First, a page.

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Wine on tap is the hot new trend

There's a new trend in wine packaging, and it borrows from its beer brethren. Restaurants have begun keeping wines in kegs, and pouring it out of a tap.

Keeping wine on tap reduces packaging and storage space, saves time opening bottles — some of which might be corked — and allows restaurants to keep a selection of wines by the glass fresher than they tend to stay when they're kept in a bottle on the counter or in a fridge for who knows how many days.

For Steve Rose, chef/owner of the Vineyards Inn Spanish Bar & Grill in Kenwood, it's all that and also about being environmentally conscious.

"I believe in it," he said. "It's my passion to be as green as possible."

Rose recently designed his own tap system to pour 14 different wines, from whites and ros? that are kept in the restaurant's walk-in refrigerator to a selection of reds kept at room temperature. Each keg holds 1.5 gallons, depending on pour size (the average is 5 ounces) or about 130 glasses worth of wine.

Nitrogen is used to keep the wines fresh and once the kegs are empty, they're returned to their respective wineries to be cleaned and re-used.

"When I first lived in Kenwood, back in 1973, I could get a gallon of wine in a jug from Valley of the Moon and several other places around," said Jay Gamel, a regular customer at the Vineyards Inn. "We lost that simple touch along the way. I haven't been able to tell any difference between the bottle and the keg wines. It saves money. I also drink less."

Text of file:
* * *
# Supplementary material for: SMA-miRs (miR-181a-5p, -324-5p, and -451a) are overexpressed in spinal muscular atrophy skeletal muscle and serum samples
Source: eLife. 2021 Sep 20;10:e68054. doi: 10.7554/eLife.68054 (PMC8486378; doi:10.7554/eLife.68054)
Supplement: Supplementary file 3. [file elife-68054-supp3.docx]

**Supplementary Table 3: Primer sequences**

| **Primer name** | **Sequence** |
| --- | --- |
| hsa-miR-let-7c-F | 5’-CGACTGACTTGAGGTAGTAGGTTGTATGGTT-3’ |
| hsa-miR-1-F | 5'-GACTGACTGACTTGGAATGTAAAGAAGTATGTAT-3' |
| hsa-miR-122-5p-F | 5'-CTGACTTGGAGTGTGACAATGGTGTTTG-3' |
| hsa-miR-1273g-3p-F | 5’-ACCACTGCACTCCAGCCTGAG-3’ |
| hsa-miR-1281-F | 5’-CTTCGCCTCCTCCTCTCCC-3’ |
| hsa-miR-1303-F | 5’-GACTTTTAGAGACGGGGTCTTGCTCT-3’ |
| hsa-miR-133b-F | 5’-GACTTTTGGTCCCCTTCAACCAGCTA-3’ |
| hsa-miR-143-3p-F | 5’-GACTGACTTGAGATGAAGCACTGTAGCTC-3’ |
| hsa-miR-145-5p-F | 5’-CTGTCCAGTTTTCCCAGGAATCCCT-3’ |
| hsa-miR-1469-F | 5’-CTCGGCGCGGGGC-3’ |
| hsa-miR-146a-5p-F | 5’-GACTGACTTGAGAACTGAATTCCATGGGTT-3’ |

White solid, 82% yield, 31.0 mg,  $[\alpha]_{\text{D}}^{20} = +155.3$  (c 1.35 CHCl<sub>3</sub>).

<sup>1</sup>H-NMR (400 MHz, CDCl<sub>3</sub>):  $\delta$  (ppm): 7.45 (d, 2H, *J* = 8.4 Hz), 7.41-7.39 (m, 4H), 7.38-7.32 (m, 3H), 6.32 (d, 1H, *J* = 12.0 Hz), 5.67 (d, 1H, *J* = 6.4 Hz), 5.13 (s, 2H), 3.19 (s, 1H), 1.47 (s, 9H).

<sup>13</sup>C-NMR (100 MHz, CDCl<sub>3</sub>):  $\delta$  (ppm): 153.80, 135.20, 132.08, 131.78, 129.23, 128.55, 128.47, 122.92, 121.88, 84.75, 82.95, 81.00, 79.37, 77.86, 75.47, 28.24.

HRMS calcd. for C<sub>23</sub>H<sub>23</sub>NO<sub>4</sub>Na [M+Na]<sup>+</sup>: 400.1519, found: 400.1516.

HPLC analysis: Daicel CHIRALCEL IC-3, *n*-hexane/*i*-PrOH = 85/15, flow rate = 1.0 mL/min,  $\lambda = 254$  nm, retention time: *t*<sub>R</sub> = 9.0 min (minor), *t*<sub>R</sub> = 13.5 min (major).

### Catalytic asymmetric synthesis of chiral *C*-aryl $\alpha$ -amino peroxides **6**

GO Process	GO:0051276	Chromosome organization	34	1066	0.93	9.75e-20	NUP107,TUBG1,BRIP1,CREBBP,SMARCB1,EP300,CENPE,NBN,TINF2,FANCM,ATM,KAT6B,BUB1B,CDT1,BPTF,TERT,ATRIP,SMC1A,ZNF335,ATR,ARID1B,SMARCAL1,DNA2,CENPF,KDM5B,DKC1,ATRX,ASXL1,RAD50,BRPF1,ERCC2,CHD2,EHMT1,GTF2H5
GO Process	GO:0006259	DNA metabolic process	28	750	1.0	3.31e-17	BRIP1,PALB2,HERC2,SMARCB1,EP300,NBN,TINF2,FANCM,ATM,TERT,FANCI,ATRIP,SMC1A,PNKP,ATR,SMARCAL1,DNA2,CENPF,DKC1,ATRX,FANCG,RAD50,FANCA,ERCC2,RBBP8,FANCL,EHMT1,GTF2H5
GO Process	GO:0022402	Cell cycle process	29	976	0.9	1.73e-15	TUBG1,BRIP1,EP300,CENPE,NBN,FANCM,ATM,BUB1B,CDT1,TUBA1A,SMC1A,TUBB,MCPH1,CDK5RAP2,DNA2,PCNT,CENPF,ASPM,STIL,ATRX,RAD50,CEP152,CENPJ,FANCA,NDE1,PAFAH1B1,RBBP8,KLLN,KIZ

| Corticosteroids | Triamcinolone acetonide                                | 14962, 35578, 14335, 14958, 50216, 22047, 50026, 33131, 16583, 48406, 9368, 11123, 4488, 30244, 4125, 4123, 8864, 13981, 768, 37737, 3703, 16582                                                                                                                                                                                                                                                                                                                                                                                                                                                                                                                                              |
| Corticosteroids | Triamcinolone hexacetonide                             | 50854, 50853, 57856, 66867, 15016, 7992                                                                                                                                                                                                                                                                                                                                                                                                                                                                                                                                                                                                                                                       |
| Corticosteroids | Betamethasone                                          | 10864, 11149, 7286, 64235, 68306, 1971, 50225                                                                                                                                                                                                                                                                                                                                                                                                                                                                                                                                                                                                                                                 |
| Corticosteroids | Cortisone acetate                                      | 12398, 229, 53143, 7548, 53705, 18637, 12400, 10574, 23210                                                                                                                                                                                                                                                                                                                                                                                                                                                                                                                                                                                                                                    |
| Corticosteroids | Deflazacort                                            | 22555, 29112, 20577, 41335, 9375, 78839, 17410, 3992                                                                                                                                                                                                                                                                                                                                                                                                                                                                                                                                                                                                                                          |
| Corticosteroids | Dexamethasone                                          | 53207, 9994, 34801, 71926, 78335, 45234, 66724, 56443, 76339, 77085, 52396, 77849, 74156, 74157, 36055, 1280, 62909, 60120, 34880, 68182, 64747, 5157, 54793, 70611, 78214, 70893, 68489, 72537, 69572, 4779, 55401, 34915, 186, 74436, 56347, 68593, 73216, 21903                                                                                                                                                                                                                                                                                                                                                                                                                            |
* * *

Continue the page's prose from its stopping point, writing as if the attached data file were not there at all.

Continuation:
Rose works with neighbor Kaz Vineyard & Winery of Kenwood to keg a proprietary syrah from grapes grown on Rose's own vineyard, and offers an Au Bon Climat chardonnay, Tablas Creek Rhone blend as well as wines provided by Silvertap Winery in Sonoma.

Founded by two Sonoma County winemakers, Dan Donahoe of Teira Wines and Jordan Kivelstadt of Qualia Wines, and a restaurateur (Todd Rushing of Atlanta-based Concentrics Restaurants), Silvertap only makes wines for kegs. Through a sister company called Free Flow Wines, it offers wineries in the area use of their mobile kegging line so they too can offer wines on tap.

"What I learned through trial and error is putting wine in a keg is totally different than in a bottle," Donahoe explained. "You have to clean the keg really, really well or microbes will spoil the wine and make it re-ferment. We figured out a system so that fine wine — this is not Central Valley bulk wine — fine wine in a keg is dispensed safely every time."


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